Canadian entrepreneur Brad Woodgate founded the No Sugar Company (photo: supplied)
No Sugar Company, a brand started by Canadian entrepreneur Brad Woodgate in 2018, has had success in the gas and c-store channel with its sugar-free energy beverage brand, Joyburst. About 40% of Joyburst’s sales in Canada and the U.S. are generated there.
No Sugar Company is turning attention to the channel in expanding its sugar alternative snacks, like Chocolate Caramel and Chocolate Peanut Butter keto bars. Their 100% year-over-year increase in sales has mostly been at mass and drug retailers, “and we think it can be very disruptive in gas and convenience,” explains Woodgate.
He notes the price of the average candy bar has crept up because of inflation to within about $.50 cents of No Sugar Company bars. “If it’s only a small price difference, consumers will make that trade for the health benefits,” says Woodgate. The added benefit for the company? With trial, more consumers will also discover no sugar products can taste good, too, and will potentially purchase in bulk at other retailers.
While No Sugar Company can’t compete with the massive marketing budgets of multinational brands, he says the company is looking at advertising promotions on the back of receipts and will partner for the third consecutive year with the Heart and Stroke Foundation on National No Sugar Day, which is Oct. 3.
A large portion of lozenges in c-stores also contain sugar, making them as much candy as medicated tablets.
Brands like Bentasil propose an antidote, with sugar-free lozenges in flavours highlighting other cold-fighting or throat-soothing properties–eucalyptus, blackcurrant and honey lemon. They also have a soft texture, allowing for it to be chewed or sucked.
While Bentasil has been around for 30 years, mostly in pharmacy retailers, “it had never really made its way into convenience,” says Mark Elliott, key account manager at Regal Confections, a distributor of global candy, chocolate and the Bentasil brand in Canada.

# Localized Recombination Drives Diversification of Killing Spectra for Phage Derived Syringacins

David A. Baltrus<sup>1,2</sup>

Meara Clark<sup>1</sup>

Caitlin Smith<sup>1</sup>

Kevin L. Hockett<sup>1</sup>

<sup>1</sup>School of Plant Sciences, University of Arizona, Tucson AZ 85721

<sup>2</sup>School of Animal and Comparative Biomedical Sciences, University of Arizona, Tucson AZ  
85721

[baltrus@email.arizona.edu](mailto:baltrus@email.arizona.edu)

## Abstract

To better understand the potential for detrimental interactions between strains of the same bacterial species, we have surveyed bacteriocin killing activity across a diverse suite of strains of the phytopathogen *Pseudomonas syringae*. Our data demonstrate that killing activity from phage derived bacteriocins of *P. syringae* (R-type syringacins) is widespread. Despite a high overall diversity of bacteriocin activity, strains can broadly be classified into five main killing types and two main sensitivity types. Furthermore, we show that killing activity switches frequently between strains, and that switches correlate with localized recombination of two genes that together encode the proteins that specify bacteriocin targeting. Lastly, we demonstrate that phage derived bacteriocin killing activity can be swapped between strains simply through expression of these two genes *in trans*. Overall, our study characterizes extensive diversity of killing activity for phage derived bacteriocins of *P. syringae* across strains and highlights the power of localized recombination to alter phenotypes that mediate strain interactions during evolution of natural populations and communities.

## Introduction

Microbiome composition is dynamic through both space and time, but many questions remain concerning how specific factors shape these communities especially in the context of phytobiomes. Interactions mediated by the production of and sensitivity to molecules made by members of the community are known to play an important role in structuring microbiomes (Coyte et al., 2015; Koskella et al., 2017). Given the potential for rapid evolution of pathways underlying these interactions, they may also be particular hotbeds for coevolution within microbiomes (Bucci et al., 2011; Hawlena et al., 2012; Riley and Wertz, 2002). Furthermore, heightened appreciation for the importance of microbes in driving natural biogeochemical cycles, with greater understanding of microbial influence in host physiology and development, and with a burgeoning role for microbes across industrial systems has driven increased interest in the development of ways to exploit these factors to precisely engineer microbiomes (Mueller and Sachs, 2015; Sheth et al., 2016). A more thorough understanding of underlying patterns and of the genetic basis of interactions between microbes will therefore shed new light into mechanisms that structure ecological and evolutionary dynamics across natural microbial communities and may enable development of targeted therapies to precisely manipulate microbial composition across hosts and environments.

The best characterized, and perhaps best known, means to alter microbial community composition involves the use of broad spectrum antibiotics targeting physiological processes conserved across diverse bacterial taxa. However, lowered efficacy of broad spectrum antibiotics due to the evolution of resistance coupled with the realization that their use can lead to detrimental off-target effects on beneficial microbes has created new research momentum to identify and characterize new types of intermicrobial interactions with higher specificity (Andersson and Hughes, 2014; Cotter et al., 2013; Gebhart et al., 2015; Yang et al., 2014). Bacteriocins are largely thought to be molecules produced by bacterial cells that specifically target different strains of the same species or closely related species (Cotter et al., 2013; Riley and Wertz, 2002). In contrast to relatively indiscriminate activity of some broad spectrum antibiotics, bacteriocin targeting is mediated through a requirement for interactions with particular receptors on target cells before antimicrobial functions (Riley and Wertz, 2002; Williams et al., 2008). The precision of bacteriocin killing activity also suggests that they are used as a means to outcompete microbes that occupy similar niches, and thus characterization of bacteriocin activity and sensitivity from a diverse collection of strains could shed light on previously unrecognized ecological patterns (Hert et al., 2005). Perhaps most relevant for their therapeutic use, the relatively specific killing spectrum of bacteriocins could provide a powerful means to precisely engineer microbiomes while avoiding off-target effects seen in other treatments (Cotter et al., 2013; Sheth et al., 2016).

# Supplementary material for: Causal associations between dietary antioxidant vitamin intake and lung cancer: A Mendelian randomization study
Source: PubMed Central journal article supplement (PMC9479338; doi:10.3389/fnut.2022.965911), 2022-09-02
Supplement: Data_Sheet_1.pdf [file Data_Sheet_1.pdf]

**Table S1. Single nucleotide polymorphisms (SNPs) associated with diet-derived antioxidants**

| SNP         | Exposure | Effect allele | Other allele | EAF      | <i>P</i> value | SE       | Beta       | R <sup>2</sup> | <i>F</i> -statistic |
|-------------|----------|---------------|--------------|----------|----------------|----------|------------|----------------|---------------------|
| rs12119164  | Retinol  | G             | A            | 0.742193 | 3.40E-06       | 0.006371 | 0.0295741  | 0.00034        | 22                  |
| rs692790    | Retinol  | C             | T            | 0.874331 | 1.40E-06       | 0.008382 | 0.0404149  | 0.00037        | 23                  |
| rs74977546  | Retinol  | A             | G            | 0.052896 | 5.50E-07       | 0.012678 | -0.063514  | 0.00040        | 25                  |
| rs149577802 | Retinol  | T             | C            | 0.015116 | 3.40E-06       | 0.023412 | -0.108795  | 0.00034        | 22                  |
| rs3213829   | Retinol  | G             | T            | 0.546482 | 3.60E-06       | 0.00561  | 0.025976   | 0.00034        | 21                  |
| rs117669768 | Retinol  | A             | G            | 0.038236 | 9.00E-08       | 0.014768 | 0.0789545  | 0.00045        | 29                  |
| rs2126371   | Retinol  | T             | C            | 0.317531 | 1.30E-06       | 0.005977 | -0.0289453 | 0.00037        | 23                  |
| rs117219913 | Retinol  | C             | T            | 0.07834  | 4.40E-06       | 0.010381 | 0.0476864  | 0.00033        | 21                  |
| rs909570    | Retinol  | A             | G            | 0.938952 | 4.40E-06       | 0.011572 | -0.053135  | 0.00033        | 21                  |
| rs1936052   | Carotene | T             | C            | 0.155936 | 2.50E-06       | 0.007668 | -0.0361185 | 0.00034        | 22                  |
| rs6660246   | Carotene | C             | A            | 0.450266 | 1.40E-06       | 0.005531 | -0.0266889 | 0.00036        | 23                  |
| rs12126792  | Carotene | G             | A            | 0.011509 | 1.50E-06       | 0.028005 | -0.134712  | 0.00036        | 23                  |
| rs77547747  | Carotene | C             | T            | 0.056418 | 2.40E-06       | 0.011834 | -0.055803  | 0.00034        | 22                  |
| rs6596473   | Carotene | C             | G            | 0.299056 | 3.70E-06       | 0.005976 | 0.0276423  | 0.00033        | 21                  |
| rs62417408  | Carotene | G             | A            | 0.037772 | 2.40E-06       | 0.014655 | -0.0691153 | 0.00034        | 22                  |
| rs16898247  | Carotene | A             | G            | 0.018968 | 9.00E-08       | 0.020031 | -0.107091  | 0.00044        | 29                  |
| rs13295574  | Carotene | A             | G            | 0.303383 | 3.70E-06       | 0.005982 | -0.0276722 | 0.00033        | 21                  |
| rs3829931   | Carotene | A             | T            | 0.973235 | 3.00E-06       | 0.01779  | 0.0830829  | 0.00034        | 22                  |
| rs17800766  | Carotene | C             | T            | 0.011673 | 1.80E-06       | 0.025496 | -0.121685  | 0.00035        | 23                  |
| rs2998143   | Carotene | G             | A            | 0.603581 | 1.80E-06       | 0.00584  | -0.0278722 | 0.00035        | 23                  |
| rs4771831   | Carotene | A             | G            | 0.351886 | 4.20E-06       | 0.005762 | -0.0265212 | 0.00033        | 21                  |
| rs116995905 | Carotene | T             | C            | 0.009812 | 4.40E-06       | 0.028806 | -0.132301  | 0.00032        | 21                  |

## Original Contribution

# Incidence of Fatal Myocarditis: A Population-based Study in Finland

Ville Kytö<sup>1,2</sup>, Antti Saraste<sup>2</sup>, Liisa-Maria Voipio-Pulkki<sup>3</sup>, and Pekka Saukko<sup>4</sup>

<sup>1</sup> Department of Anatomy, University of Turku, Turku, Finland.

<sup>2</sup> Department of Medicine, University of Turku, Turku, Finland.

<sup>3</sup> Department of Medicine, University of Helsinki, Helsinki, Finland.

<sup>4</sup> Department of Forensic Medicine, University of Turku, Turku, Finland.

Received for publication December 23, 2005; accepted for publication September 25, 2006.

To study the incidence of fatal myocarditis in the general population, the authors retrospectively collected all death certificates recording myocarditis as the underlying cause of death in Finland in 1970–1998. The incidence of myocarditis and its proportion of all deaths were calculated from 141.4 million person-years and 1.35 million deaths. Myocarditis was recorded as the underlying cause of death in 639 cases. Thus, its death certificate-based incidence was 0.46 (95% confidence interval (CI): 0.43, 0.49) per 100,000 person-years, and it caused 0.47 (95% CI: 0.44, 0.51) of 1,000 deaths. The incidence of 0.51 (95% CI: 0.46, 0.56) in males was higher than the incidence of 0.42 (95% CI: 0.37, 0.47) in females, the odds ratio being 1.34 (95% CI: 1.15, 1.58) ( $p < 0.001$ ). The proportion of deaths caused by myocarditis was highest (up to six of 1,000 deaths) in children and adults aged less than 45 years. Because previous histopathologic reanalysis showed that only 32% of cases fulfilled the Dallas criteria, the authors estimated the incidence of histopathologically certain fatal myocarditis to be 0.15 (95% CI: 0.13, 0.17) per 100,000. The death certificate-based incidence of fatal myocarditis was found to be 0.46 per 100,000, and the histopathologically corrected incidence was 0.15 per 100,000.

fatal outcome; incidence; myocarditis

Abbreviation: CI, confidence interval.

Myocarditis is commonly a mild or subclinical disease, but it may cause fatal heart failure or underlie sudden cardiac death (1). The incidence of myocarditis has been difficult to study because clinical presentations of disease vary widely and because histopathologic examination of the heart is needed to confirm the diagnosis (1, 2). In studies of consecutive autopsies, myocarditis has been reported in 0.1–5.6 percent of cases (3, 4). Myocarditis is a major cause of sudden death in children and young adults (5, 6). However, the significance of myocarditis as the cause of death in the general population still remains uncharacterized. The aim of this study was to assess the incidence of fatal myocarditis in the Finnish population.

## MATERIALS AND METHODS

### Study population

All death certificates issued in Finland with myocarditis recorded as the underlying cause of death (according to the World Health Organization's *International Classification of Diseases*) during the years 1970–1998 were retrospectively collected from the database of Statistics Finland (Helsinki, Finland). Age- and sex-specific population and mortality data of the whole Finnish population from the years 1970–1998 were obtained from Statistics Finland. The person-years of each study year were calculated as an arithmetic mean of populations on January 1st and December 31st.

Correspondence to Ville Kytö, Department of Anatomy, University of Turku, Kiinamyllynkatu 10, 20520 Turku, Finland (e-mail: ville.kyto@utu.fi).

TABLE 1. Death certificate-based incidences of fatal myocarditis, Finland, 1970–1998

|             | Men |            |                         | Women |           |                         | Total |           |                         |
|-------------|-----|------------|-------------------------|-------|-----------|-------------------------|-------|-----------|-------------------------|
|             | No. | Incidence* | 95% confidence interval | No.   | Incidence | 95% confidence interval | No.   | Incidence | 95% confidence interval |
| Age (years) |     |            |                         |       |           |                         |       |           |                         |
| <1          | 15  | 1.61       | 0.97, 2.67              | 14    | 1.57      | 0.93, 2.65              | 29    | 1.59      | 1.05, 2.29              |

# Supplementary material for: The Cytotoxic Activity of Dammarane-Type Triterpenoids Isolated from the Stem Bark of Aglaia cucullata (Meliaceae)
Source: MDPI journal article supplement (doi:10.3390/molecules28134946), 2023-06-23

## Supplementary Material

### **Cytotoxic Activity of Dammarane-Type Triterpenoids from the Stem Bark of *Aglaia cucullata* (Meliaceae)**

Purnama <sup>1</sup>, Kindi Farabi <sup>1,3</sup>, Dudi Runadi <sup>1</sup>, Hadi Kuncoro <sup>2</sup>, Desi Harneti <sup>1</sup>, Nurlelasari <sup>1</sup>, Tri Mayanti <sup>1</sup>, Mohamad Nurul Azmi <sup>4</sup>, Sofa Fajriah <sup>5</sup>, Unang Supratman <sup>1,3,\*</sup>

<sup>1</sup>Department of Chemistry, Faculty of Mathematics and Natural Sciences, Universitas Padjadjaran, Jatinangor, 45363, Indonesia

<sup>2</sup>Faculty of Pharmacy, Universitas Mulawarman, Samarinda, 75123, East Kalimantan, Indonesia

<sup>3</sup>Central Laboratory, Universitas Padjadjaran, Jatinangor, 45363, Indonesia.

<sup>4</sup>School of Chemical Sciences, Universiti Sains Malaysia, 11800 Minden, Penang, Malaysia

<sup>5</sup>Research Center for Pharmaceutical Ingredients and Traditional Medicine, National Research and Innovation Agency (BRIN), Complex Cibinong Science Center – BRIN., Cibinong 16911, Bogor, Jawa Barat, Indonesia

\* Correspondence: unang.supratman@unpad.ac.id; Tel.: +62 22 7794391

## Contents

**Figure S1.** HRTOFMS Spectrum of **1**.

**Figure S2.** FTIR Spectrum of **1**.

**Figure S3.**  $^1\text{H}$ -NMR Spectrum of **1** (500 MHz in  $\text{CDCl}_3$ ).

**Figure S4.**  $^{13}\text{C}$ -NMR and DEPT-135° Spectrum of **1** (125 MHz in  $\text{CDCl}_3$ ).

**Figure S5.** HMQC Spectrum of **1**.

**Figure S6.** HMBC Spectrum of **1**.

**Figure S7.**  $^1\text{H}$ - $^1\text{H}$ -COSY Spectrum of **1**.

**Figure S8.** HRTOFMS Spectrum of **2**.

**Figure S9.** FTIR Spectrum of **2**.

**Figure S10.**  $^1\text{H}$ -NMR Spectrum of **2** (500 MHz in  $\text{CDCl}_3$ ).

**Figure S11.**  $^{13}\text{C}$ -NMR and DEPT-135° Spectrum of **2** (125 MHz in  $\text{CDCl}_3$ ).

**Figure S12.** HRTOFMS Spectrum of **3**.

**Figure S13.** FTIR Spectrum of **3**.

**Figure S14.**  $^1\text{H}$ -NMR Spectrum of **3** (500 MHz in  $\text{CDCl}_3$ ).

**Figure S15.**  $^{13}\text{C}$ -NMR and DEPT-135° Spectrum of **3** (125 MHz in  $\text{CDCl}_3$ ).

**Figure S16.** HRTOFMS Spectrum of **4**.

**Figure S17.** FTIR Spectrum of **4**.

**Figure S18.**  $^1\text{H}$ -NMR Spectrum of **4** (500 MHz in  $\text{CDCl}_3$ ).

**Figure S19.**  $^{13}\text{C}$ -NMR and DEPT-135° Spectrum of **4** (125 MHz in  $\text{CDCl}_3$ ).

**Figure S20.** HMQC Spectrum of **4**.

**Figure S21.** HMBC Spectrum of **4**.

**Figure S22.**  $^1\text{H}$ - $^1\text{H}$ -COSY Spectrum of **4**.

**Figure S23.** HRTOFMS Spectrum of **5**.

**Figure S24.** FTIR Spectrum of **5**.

That’s changing. The three SKUs recently secured listing in 7-Eleven Canada, where it will be merchandised in the health section alongside cough/cold products and OTC pain relief in 600 stores.
“There is a growing portion of the population that specifically looks for sugar-free alternatives, especially in something that will be in their mouth for an extended period in providing relief from a sore throat,” says Elliott. “We’re really just getting started in the c-store channel and hope to get into other big chains as well.”
The beverage category is also seeing changes in consumption preferences.
That is reflected in a Conference Board of Canada study, The Non-alcoholic Beverage Sector in Canada: A Study of Economic Impact and Consumption, which the Canadian Beverage Association financially supported.
It found the share of low-calorie servings of total non-alcoholic beverage volumes over the past 12 years has steadily increased, from 44% in 2009 to 58% in 2021.
“Low-calorie non-alcoholic beverage servings have outstripped their full-calorie counterparts and become mainstream over the past decade,” reads the report.
And since 2014, the share of low-calorie servings has grown across almost every beverage subcategory, including sports drinks, carbonated soft drinks, caffeinated energy drinks, still drinks, iced/ready-to-drink coffee drinks and juice-containing drinks (nectars).
Caffeinated energy drinks, in particular, got a jolt, with low-calorie servings accounting for 28% of consumption in 2021—almost double what it was in 2014.
Red Bull is among the energy drink brands expanding their portfolios with no sugar options. In January, it launched Red Bull Red Edition Sugarfree and Red Bull Apricot Edition Sugarfree nationwide.
Red Bull directed an interview request to the CBA, which has been leading an effort launched in 2014, called the Balanced Calories Initiative, (BCI) in partnership with the federal government, to reduce the number of calories Canadians consume from non-alcoholic beverages by 20% by 2025.
That requires more product with less sugar, which is what fuels high calorie counts in beverages.
“BCI is about providing consumers with more choices,” says Erich Schmidt, director, comms and public affairs at the CBA. “We believe that consumers shouldn’t have to change their beverage choices, but rather be provided with options through product innovation, thereby ensuring consumers have access to low and no-calorie products.”